[vc_row][vc_column][vc_column_text]Here we focus on some of the problems your kids might face at varsity, how you as a parent can encourage your kids, and where they can find support.
When your children face issues at university or tertiary level, parents want to step in and save the day. It’s the mother/father-wolf in all of us. However the first step is to assess the situation to decide if your child actually needs help, needs guidance, or just needs a sympathetic ear.
A lot of these decisions may be out of your hands immediately if your child is studying away from home. But there’s no need to panic and hop on a flight. This is a great time to let your child find his/her own inner strength.
What your child might experience?
Some of the scary or uncertain experiences your child may experience are:
Reassure your child BEFORE he/she leaves that homesickness is part of the experience, and quite normal. However, try to discuss some strategies, as this is an enormous change and transition, and it’s better to be prepared for feelings of homesickness. Ensure your child can contact you easily when feeling unsure. Encourage him or her to get out for a run or some physical exercise, network with some known friends, to establish routines and to gain a sense of security as quickly as possible.
Expectations of great times are often over-exaggerated: your child expects to have masses of friends, masses of good times, but often there is actually a sense of loneliness. It’s completely normal! Reassure him or her of that. Time or “busy-ness” will be its own cure!
Not Making Friends
If your child is attending university away from home, there are normally others in the same boat, and you can be pretty assured that your child will make friends organically, like in lectures, with students from the same dorm/digs environment, and freshman week events.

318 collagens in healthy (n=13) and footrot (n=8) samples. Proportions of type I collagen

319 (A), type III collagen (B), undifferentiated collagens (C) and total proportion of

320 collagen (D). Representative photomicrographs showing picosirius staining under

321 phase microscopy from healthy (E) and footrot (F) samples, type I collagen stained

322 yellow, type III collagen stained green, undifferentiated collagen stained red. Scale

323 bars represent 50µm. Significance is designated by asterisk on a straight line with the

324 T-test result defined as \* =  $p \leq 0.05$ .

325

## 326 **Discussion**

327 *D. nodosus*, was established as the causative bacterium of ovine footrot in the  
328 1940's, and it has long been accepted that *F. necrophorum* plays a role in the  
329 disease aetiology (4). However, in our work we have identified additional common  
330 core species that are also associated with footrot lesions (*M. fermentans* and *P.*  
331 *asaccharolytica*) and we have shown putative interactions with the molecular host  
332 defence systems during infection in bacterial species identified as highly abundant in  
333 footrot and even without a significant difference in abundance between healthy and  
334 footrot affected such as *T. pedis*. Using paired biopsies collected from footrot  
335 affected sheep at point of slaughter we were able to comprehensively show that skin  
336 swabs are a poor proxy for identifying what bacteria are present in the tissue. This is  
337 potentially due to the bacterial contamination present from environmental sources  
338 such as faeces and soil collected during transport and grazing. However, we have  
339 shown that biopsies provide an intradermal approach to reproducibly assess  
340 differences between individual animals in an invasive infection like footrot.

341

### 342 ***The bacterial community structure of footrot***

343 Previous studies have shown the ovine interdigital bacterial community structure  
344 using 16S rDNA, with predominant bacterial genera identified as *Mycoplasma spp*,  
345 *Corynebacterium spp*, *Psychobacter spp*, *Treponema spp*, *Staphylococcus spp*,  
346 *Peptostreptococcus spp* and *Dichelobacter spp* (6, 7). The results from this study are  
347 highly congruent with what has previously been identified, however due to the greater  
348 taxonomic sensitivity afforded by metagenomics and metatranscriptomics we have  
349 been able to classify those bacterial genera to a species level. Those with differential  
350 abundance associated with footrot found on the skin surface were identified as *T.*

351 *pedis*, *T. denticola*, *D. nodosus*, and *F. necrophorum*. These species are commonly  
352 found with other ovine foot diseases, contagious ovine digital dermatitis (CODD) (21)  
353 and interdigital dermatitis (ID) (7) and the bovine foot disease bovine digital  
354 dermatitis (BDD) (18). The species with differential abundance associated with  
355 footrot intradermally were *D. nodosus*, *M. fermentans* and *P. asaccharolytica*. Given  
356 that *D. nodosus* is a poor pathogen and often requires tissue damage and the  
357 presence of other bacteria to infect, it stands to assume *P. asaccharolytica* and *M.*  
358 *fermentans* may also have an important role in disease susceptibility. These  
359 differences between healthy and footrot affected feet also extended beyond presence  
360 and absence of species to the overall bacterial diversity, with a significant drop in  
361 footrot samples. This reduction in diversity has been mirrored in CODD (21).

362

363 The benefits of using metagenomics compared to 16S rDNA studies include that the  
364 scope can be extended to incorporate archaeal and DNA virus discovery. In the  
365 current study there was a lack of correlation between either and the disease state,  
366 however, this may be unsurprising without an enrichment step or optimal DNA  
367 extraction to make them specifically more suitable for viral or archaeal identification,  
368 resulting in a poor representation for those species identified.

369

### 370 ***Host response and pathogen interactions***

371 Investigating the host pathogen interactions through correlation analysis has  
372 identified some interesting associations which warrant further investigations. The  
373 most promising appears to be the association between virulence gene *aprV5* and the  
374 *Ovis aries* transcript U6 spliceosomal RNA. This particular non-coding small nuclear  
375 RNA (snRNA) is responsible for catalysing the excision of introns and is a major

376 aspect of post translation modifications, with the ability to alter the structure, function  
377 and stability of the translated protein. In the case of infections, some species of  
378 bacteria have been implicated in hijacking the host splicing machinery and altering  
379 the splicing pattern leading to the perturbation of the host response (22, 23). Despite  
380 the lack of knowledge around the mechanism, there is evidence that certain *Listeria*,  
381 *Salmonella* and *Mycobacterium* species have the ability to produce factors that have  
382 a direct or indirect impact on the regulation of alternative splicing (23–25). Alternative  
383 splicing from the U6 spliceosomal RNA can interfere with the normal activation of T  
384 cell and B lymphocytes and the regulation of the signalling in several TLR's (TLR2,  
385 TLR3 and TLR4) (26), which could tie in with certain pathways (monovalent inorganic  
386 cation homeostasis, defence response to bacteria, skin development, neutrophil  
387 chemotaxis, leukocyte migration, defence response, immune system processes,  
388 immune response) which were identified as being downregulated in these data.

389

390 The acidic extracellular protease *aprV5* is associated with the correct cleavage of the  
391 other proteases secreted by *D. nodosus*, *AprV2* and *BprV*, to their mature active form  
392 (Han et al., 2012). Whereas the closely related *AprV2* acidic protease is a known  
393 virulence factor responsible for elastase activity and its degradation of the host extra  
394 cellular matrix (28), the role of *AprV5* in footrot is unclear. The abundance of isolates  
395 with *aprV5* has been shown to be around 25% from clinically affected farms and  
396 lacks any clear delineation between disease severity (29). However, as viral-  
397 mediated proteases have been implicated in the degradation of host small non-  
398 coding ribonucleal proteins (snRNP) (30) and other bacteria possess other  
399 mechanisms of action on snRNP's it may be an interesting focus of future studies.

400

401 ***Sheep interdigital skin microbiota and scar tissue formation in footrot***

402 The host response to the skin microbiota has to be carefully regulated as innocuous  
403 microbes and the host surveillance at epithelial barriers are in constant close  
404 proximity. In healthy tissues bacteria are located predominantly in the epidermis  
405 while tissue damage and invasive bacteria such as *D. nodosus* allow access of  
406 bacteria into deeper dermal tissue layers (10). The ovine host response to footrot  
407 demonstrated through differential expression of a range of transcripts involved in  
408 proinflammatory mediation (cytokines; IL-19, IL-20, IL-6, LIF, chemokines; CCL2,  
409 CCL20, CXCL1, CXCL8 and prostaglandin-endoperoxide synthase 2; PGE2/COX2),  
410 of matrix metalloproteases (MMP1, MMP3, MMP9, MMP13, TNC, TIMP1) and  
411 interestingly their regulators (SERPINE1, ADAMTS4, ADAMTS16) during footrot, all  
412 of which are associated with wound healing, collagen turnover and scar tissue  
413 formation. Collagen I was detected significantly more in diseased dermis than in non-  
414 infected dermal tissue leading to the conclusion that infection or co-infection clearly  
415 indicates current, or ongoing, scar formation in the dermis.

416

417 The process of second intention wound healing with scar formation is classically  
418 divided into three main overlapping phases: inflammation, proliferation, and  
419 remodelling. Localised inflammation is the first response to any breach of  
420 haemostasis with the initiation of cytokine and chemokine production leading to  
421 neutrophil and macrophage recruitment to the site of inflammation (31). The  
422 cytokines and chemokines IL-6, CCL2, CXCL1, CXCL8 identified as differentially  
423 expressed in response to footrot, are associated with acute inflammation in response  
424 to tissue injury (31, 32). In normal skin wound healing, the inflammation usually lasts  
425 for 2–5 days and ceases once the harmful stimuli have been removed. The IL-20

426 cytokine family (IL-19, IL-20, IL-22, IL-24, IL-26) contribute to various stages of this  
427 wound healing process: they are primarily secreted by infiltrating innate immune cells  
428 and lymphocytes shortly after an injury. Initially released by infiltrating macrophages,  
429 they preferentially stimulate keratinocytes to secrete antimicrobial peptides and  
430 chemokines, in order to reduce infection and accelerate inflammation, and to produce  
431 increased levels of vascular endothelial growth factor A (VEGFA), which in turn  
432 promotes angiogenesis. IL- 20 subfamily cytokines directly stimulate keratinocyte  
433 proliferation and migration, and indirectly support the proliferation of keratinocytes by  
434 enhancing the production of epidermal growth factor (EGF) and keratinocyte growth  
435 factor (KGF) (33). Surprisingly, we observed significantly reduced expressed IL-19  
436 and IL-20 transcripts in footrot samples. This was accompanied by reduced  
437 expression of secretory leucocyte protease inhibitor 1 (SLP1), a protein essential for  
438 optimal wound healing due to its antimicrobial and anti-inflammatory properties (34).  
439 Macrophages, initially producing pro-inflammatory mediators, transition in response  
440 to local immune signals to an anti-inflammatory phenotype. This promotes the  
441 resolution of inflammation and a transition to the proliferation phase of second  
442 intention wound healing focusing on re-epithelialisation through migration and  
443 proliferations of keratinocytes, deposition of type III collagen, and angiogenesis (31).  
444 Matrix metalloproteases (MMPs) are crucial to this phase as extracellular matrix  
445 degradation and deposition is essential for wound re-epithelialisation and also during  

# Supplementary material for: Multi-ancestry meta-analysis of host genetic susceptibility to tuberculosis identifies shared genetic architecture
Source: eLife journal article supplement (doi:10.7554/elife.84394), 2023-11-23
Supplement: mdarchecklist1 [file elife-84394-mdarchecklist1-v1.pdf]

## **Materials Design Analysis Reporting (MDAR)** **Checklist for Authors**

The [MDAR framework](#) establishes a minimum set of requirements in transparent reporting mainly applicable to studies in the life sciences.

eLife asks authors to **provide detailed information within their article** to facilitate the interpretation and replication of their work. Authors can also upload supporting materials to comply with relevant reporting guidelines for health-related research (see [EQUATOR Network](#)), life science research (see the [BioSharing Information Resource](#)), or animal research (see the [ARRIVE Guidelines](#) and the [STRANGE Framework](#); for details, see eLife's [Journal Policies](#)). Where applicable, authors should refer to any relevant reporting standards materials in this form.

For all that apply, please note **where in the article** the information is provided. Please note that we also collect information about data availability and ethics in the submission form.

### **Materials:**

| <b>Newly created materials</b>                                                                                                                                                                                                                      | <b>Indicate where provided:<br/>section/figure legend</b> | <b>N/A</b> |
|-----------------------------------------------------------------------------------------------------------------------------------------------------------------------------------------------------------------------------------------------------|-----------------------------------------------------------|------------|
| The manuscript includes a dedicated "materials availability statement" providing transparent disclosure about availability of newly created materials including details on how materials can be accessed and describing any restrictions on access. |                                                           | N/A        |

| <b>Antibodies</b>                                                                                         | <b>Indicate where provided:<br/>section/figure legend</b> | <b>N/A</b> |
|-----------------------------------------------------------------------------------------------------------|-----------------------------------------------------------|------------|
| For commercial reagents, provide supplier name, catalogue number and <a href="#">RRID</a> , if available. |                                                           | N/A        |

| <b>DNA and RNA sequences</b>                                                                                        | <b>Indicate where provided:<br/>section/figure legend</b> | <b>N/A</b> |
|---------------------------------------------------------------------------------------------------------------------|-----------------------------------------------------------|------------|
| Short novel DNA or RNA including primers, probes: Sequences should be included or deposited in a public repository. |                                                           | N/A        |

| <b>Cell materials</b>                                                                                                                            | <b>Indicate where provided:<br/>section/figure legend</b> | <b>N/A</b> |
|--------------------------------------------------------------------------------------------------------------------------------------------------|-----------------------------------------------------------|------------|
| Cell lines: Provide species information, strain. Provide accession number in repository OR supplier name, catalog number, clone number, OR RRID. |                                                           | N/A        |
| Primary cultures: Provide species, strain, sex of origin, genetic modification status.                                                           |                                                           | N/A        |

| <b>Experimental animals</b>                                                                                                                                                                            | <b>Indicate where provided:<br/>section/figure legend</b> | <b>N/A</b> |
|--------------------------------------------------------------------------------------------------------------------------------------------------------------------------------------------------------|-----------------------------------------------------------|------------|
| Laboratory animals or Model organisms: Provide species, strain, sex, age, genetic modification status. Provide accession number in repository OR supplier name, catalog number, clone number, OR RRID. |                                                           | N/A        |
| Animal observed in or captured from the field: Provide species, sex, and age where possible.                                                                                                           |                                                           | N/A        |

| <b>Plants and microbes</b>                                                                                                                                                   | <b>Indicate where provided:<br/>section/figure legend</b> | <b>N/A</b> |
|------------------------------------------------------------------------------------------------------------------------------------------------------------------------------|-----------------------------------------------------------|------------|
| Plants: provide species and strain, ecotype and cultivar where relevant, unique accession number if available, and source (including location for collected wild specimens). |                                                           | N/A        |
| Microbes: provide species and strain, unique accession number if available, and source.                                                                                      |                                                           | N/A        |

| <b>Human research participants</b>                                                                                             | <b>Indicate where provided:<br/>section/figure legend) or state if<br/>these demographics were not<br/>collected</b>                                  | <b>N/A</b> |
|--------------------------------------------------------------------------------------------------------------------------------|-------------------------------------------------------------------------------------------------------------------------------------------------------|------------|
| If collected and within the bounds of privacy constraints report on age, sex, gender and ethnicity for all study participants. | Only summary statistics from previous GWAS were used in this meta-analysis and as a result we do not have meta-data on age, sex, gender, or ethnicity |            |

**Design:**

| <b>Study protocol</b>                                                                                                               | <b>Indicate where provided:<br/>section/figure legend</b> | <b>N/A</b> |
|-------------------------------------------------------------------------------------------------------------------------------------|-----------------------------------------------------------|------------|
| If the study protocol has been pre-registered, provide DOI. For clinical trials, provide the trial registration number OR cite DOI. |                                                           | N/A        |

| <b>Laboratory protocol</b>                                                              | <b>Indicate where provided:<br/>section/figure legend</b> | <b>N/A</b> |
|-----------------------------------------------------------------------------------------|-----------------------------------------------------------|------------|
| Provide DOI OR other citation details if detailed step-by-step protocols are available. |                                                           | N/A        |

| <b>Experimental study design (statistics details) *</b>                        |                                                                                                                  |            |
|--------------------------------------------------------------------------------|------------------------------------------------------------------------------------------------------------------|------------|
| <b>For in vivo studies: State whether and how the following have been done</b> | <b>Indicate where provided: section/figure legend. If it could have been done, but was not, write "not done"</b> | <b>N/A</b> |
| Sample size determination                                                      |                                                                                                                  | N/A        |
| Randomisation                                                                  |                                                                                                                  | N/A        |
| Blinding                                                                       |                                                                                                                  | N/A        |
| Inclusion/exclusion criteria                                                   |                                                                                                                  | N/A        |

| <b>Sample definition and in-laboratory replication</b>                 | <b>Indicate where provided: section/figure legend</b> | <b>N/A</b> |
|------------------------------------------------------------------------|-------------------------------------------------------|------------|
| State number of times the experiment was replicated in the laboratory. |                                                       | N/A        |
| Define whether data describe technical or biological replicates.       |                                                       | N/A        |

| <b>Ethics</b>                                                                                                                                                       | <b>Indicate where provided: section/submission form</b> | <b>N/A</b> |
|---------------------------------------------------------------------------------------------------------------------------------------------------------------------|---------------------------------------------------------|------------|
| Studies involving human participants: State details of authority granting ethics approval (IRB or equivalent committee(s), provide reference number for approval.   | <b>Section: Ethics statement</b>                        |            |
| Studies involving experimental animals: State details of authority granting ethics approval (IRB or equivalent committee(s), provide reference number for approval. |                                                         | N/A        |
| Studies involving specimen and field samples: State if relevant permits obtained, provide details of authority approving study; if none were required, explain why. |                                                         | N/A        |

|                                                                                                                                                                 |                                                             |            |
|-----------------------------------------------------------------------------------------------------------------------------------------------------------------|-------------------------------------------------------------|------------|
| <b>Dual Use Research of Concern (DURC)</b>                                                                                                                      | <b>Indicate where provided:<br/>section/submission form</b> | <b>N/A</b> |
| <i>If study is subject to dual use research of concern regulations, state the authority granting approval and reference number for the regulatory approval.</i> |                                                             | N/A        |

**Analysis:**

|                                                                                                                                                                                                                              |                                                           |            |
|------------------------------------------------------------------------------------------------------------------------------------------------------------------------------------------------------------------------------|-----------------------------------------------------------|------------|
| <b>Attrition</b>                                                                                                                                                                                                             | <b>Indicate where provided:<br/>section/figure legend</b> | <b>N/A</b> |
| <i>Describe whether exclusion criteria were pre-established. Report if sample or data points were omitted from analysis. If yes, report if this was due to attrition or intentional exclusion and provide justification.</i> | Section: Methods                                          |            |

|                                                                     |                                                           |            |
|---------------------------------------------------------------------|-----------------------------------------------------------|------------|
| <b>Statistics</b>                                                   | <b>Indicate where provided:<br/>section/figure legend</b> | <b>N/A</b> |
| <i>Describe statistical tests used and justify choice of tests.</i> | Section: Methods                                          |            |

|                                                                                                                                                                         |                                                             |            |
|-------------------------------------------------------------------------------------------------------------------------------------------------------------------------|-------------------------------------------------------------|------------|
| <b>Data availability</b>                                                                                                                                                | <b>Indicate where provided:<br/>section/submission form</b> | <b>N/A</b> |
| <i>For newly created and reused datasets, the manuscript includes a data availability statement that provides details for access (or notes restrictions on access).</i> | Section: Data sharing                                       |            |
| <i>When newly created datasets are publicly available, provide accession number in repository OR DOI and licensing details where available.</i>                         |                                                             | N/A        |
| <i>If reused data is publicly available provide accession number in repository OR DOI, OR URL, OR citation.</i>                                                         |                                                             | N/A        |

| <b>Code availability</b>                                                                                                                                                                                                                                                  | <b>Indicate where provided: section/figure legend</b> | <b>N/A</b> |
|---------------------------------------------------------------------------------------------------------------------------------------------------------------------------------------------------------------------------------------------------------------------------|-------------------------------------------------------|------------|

In the unusual event that your child does not make friends, encourage your child to step out of his or her comfort zone, and join societies and clubs. They are sure to meet people in these environments, and people with common interests.
Participation is key, and a simple smile works wonders. Once again, don’t be tempted to save the day. Your child needs to work his or her way through uncomfortable situations. Of course, keep an eye out for depression, but common anxieties alone are not reason to step in. If your child makes a social and approachable impression, there is little chance of no friendships. It’s also important to remember that it’s not really about being the most social butterfly of the varsity – rather it’s about finding friends that can stay in your child’s life for a long time, even if that means making one good friend over the entire course of studies.
South Africa in specific is a breeding ground for culture shock, due to the segregated (economical or racial-based) school environments. Once the students come together there are massive adjustments all round, and once again, it’s a good idea to prepare your child for this, and encourage him or her to be open-minded and non-judgmental. This is part of the learning curve and will stand them in good stead for the working environment that follows on from tertiary education. There is no need for your child to change values, as values across the board are pretty universal: integrity, honesty, trustworthiness, respect for others.
From the Mouth of a Parent:
Janine Basel “My child had times where he was placed in dubious circumstances with his room mate at res (selling dope from his room), and I could hear my son was struggling with issues. However, he dealt with it head-on and only told me afterwards. Impressive, for a 17 year old away from home!”
Have a look at this article that talks about how your child can overcome culture shock and turn the experience into something positive!
Exam Stress, Low Marks & Work Overload